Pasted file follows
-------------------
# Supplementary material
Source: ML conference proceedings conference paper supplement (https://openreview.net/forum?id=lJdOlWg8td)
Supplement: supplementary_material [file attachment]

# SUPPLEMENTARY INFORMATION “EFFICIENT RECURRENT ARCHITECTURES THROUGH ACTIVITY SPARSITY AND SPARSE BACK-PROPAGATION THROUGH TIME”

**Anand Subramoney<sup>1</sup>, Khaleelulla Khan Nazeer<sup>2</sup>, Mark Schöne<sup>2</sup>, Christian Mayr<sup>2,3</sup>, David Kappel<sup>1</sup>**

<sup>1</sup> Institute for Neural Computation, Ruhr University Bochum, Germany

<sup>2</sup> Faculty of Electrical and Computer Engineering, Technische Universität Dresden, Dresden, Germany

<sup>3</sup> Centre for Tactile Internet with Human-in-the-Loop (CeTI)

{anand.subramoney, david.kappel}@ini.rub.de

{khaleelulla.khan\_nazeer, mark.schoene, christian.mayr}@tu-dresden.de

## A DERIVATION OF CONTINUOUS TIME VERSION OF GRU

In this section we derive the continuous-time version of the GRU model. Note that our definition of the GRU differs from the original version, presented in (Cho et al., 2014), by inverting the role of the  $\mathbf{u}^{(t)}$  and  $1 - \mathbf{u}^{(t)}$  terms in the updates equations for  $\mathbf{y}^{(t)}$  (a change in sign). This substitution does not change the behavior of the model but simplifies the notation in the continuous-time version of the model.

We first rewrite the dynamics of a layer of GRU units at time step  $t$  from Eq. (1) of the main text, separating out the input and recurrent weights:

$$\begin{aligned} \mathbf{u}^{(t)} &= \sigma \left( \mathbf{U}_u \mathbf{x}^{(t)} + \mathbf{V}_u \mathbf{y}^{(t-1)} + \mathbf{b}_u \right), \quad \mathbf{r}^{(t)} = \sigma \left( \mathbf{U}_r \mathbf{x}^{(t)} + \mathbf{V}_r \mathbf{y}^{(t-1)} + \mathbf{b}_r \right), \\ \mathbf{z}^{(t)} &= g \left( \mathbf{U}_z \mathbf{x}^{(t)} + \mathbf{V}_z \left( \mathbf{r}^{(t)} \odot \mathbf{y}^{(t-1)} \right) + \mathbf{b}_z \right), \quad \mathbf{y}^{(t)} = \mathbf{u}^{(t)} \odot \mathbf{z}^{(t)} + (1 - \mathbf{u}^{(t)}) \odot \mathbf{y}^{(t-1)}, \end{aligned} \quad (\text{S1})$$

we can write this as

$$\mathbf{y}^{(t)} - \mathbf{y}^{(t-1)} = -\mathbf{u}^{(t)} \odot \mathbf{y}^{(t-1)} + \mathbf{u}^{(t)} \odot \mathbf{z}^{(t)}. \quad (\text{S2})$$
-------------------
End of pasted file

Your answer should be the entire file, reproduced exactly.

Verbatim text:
# Supplementary material
Source: ML conference proceedings conference paper supplement (https://openreview.net/forum?id=lJdOlWg8td)
Supplement: supplementary_material [file attachment]

# SUPPLEMENTARY INFORMATION “EFFICIENT RECURRENT ARCHITECTURES THROUGH ACTIVITY SPARSITY AND SPARSE BACK-PROPAGATION THROUGH TIME”

**Anand Subramoney<sup>1</sup>, Khaleelulla Khan Nazeer<sup>2</sup>, Mark Schöne<sup>2</sup>, Christian Mayr<sup>2,3</sup>, David Kappel<sup>1</sup>**

<sup>1</sup> Institute for Neural Computation, Ruhr University Bochum, Germany

<sup>2</sup> Faculty of Electrical and Computer Engineering, Technische Universität Dresden, Dresden, Germany

<sup>3</sup> Centre for Tactile Internet with Human-in-the-Loop (CeTI)

{anand.subramoney, david.kappel}@ini.rub.de

{khaleelulla.khan\_nazeer, mark.schoene, christian.mayr}@tu-dresden.de

## A DERIVATION OF CONTINUOUS TIME VERSION OF GRU

In this section we derive the continuous-time version of the GRU model. Note that our definition of the GRU differs from the original version, presented in (Cho et al., 2014), by inverting the role of the  $\mathbf{u}^{(t)}$  and  $1 - \mathbf{u}^{(t)}$  terms in the updates equations for  $\mathbf{y}^{(t)}$  (a change in sign). This substitution does not change the behavior of the model but simplifies the notation in the continuous-time version of the model.

We first rewrite the dynamics of a layer of GRU units at time step  $t$  from Eq. (1) of the main text, separating out the input and recurrent weights:

$$\begin{aligned} \mathbf{u}^{(t)} &= \sigma \left( \mathbf{U}_u \mathbf{x}^{(t)} + \mathbf{V}_u \mathbf{y}^{(t-1)} + \mathbf{b}_u \right), \quad \mathbf{r}^{(t)} = \sigma \left( \mathbf{U}_r \mathbf{x}^{(t)} + \mathbf{V}_r \mathbf{y}^{(t-1)} + \mathbf{b}_r \right), \\ \mathbf{z}^{(t)} &= g \left( \mathbf{U}_z \mathbf{x}^{(t)} + \mathbf{V}_z \left( \mathbf{r}^{(t)} \odot \mathbf{y}^{(t-1)} \right) + \mathbf{b}_z \right), \quad \mathbf{y}^{(t)} = \mathbf{u}^{(t)} \odot \mathbf{z}^{(t)} + (1 - \mathbf{u}^{(t)}) \odot \mathbf{y}^{(t-1)}, \end{aligned} \quad (\text{S1})$$

we can write this as

$$\mathbf{y}^{(t)} - \mathbf{y}^{(t-1)} = -\mathbf{u}^{(t)} \odot \mathbf{y}^{(t-1)} + \mathbf{u}^{(t)} \odot \mathbf{z}^{(t)}. \quad (\text{S2})$$